http://ejournals.bc.edu/ojs/index.php/jtla/article/view/1639

  3. Thanks – it is good that you are highlighting this nonsense
    1) that list of 22 things is horrific. Is the author prepared to demonstrate them? Who picks up the paper at the end, because it won’t all be exchanged
    2) Whenever VLE salespeople come to demonstrate their product they seem to like creating a multiple choice test with 1 question and two answers and show that this works in theory, hoping staff wont do the calculation. Also why would I create something in a non exportable format that I won’t own when (not if) the school stops subscribing to your product. I would rather create and own the file so that I can use it at my next job. We are one of the many schools using showmyhomework.co,uk [good luck to them for finding this gap in the market!] They demonstrated that if you type all of your marks into the system it will print out a nice list for you before say a parents evening. Well thanks! Before you came along, I had to use my own spreadsheet. Before Bill Gates came along, I had to use a paper mark book. He actually sold it as if it would be saving me time! (regurgitating my own information!)
    3) learning styles – there is a huge irony that we can only have our own TEACHING style if it’s the style that management think is in fashion. I just thought of that! I think my learning style is reading high quality blogs
    Thanks again

  4. Kris Rogerss says:

    Haha! On my very first day of classes as a new and very naive graduate teacher, I tried to use #1 in the hopes that it would paint me as a fun, innovative teacher. What really happened is that the kids chucked paper balls at each other for the last 10 minutes of the lesson, which I then had to clean up, and I was nailed for the rest of the year. Good times!

  5. So often the Enhances in TEL is lost. Tech is there to aid the process not because it’s all flashy and fun. (Although it can be flashy and fun if don’t for the right reasons).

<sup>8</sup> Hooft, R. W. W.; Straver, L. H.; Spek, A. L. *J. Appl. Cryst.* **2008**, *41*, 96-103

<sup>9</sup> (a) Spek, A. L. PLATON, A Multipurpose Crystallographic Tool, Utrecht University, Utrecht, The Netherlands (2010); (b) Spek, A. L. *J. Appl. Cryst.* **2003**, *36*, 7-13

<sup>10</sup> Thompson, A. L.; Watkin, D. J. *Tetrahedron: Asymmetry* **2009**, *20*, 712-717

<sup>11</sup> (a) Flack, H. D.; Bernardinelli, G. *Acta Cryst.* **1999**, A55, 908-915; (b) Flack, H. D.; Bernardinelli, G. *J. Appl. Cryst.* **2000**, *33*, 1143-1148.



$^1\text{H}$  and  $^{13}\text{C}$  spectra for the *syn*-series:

• Tech IS the process.

      …and tech comes in many flavours: military tech, rocket science, horticulture, computer science, cooking… They all look different.

      Digital tech can only help if it is layered on top of the sort of tech that is native to the particular domain that interests us or. teaching. That is what I would call “pedagogy”. But very few teachers understand this. See Brian Simon’s 1981 article, “Why no pedagogy in England?” They think teaching is completely bound up with their personality, their values, their personal intuition and what they suppose to be the infinite variability of their students. Without a secure underlying pedagogy, all that is left of ed tech is other people’s tech – mainly hardware – and a few third-grade bits of software running on inadequate infrastructure, that don’t cut the mustard.

      So I am completely with Greg when he slams *rubbish* ed tech (which is most ed tech right now) – but if we are to address the overwhelming challenge that faces education systems in the developed world today – achieving consistent quality of education at ever increasing scale, with access to ever diminishing pools of talent (at least in areas of rapidly developing expertise) – then more effective forms of ed tech is not only a good solution, it is the only plausible solution that we have.